We Thought All Life Obeyed One Basic Rule, But This Species Breaks It

A universal law, that a specific DNA code always translates to the same molecule, has been broken. Leigh Prather/Shutterstock

As science has delved into the DNA of thousands of species, one pattern was so consistent, and apparently so necessary, it came to be regarded as a rule. A specific set of genetic instructions always translates to the same protein. Now, however, one species has been found that instead translates its code in two different ways, with no rhyme or reason as to which will be used.

DNA contains four chemical bases represented by the letters A, T, C, and G. Genes are made up of sequences of these bases, and it is these sequences that determine how amino acids will be joined together to make proteins. Three letters in succession correspond to a specific amino acid. There can be several different sets of letters that all code for the same molecule, but you can't have different molecules coded by the same set of letters. (As a slight complication, some species use certain letters as punctuation that code for molecules in others).

Irrespective of the plant, animal, or bacteria in which DNA may exist, the sequence CTG translates to leucine, for example. Or so it seemed, until the discovery that some yeasts instead translate CTG to serine and still others to alanine.

While that finding surprised molecular biologists in the 1980s, a team including Professor Laurence Hurst of the University of Bath have now found something considerably more shocking. For the microbe Ascoidea asiatica, CTG sometimes translates as leucine (like most of the living world) and sometimes as serine (like a few other yeasts). Which amino acid will be coded for is a fundamentally random process, not dependent on the context of neighboring sequences.

"The last rule of genetics codes, that translation is deterministic, has been broken,” Hurst said in a statement. “This makes this genome unique – you cannot work out the proteins if you know the DNA."

Cells use tRNAs to translate DNAs into proteins. These use the same four bases, except uracil replaces thymine. Dr Martin Kollmar of the Max-Planck Institute of Biophysical Chemistry, a co-author with Hurst of the Current Biology paper reporting the discovery, said: "We found that Ascoidea asiatica is unusual in having two sorts of tRNAs for CTG – one which bridges with leucine and one which bridges with serine.” The selection of which tRNA will do the translating is random.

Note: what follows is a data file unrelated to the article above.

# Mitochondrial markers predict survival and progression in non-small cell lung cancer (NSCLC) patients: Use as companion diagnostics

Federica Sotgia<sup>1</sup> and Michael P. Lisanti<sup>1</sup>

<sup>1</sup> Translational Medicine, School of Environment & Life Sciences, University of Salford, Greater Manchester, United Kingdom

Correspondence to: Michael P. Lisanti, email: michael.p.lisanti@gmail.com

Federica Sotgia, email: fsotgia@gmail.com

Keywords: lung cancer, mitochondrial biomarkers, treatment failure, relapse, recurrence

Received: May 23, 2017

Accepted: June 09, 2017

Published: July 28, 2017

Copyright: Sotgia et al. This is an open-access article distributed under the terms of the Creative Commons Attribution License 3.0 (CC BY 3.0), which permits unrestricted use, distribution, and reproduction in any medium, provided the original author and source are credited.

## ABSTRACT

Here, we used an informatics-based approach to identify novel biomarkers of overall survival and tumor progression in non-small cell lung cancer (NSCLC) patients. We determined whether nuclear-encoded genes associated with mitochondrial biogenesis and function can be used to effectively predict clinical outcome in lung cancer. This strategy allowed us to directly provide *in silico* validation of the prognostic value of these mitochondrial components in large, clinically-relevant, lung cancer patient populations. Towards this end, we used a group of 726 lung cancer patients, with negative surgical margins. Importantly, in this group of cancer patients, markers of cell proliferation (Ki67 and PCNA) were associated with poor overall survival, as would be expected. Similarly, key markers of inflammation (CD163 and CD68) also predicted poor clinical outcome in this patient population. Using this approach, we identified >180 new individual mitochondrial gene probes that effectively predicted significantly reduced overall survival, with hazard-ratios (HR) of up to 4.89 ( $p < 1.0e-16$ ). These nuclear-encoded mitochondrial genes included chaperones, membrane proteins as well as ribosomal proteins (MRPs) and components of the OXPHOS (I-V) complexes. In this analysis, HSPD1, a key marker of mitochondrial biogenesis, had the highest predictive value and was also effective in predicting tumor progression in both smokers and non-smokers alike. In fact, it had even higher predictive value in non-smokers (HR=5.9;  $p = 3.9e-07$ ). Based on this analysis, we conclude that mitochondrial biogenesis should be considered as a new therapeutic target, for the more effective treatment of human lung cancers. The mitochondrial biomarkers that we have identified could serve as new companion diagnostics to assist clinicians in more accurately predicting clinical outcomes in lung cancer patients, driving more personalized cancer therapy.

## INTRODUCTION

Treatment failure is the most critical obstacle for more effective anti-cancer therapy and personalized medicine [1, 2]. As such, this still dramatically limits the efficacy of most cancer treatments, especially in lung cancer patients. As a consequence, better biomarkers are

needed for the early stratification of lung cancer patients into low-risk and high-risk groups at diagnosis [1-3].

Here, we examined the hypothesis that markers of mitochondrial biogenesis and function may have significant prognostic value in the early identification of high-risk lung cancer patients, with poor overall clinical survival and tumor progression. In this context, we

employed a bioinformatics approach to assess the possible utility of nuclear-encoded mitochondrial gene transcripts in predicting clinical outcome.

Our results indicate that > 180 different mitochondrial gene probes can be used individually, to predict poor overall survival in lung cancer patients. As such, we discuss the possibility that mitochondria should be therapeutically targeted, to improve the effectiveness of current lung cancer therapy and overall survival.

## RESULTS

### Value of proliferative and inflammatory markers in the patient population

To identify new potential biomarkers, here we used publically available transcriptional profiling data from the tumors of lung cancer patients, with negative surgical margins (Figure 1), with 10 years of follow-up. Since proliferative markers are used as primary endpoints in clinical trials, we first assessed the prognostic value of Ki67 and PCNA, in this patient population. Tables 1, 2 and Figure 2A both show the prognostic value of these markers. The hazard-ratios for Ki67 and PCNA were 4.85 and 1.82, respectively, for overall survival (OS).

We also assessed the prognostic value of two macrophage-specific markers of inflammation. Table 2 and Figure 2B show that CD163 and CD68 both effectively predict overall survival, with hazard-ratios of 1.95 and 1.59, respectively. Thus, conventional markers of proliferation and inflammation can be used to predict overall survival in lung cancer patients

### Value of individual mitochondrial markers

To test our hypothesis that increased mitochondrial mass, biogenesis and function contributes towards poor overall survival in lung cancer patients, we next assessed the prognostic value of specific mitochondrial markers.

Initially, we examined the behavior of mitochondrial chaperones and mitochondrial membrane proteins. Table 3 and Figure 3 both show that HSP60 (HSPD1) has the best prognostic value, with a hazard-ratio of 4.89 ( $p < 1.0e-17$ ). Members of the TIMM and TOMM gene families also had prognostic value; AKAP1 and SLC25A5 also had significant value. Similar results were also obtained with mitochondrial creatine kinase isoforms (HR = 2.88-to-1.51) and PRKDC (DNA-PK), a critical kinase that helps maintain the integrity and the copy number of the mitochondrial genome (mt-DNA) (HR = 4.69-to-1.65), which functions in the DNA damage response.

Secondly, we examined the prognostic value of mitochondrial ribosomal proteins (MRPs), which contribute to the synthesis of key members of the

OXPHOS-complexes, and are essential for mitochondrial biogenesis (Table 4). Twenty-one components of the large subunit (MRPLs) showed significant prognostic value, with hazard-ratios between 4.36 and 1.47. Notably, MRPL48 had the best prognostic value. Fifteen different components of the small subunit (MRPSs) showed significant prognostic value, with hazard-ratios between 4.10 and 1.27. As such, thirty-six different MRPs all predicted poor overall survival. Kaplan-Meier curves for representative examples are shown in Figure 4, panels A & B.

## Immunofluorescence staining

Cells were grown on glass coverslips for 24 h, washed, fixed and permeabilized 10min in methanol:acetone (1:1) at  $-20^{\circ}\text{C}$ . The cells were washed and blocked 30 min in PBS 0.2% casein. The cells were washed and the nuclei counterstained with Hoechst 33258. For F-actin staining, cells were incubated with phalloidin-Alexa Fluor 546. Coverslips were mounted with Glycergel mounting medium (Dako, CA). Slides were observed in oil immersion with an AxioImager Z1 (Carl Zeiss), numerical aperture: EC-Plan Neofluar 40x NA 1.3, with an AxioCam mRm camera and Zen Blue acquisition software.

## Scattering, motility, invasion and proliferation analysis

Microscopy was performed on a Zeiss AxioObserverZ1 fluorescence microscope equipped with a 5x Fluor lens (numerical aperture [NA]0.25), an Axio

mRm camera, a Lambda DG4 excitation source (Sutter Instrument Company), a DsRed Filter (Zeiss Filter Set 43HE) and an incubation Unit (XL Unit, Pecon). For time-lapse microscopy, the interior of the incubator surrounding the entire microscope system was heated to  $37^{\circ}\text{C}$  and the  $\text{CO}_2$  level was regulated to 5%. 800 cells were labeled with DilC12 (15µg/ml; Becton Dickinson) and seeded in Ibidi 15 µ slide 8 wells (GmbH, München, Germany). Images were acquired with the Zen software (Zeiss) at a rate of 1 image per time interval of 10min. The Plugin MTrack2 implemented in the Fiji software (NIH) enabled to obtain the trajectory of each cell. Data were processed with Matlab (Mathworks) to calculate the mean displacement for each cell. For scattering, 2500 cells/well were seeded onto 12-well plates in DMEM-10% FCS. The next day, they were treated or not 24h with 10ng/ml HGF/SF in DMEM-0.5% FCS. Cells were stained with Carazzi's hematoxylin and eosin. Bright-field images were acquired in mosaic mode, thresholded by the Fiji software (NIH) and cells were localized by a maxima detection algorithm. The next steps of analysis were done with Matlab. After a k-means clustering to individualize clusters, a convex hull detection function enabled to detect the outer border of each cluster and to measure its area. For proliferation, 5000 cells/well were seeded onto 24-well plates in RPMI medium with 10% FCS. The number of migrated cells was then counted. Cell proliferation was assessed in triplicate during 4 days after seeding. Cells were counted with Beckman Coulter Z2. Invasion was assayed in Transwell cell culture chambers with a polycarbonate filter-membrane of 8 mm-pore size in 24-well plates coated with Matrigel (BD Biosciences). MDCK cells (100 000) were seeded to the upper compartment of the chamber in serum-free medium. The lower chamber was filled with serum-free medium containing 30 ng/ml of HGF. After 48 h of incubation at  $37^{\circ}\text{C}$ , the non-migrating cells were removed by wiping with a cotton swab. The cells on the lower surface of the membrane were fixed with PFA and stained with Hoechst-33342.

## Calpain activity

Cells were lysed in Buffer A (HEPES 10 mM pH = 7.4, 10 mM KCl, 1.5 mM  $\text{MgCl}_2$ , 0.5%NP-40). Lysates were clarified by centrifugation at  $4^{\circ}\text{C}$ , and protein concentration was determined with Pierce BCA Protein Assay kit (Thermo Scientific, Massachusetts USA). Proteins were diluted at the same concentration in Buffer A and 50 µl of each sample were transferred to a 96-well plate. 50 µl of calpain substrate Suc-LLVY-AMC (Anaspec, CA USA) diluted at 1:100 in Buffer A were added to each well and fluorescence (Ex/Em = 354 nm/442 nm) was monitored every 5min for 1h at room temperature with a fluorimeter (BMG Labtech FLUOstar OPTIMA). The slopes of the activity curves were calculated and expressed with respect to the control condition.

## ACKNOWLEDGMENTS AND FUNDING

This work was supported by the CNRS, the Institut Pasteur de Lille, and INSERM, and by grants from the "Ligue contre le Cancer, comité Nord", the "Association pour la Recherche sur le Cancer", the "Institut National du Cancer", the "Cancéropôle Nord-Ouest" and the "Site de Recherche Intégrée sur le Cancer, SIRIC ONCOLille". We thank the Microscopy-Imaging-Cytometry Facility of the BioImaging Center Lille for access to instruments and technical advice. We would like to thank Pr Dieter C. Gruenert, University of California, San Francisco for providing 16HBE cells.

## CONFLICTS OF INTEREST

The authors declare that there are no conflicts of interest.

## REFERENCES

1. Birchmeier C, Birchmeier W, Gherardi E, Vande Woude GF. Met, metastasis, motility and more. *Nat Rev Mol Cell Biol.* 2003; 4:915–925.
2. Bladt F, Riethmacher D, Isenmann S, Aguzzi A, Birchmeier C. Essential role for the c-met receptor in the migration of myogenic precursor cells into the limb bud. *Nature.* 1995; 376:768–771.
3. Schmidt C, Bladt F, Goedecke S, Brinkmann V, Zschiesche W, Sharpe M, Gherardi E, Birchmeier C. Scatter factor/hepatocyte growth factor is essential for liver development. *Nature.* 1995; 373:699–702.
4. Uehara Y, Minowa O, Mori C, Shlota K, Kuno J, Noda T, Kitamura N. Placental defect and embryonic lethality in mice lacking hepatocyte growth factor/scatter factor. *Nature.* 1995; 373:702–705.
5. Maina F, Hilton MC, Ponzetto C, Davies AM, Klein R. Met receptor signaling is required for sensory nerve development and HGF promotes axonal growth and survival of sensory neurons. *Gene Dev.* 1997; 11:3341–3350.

For a species to develop its own code is strange, but it is at least possible to see how it could live. The organism does not care that every other living thing uses something different. What is much more puzzling is how an organism can operate in such a random way. It is not as if leucine and serine have such similar properties as to be interchangeable – one is hydrophobic while the other is not and they usually don't even occupy the same part of a protein. Despite this, A. asiatica has a growth rate similar to relatives with more normal biology.

The authors report that A. asiatica doesn't use CTG often, and only in less essential proteins, but that still leaves open the question of why this happens at all.

Some of A. asiatica's relatives also produce two tRNAs for CTG, but one of these are non-functional. The extra tRNA, therefore, probably appeared more than 100 million years ago, and most species have evolved around it, while A. asiatica has survived all this time despite the apparent hindrance. The authors speculate there may be some circumstances where this astonishing trait is a benefit, although they don't know what this would be.

The relationships of different yeast species and what they translate CTG/CUG. Max-Plank Institute for Biophysical Chemistry, Gottingen

 

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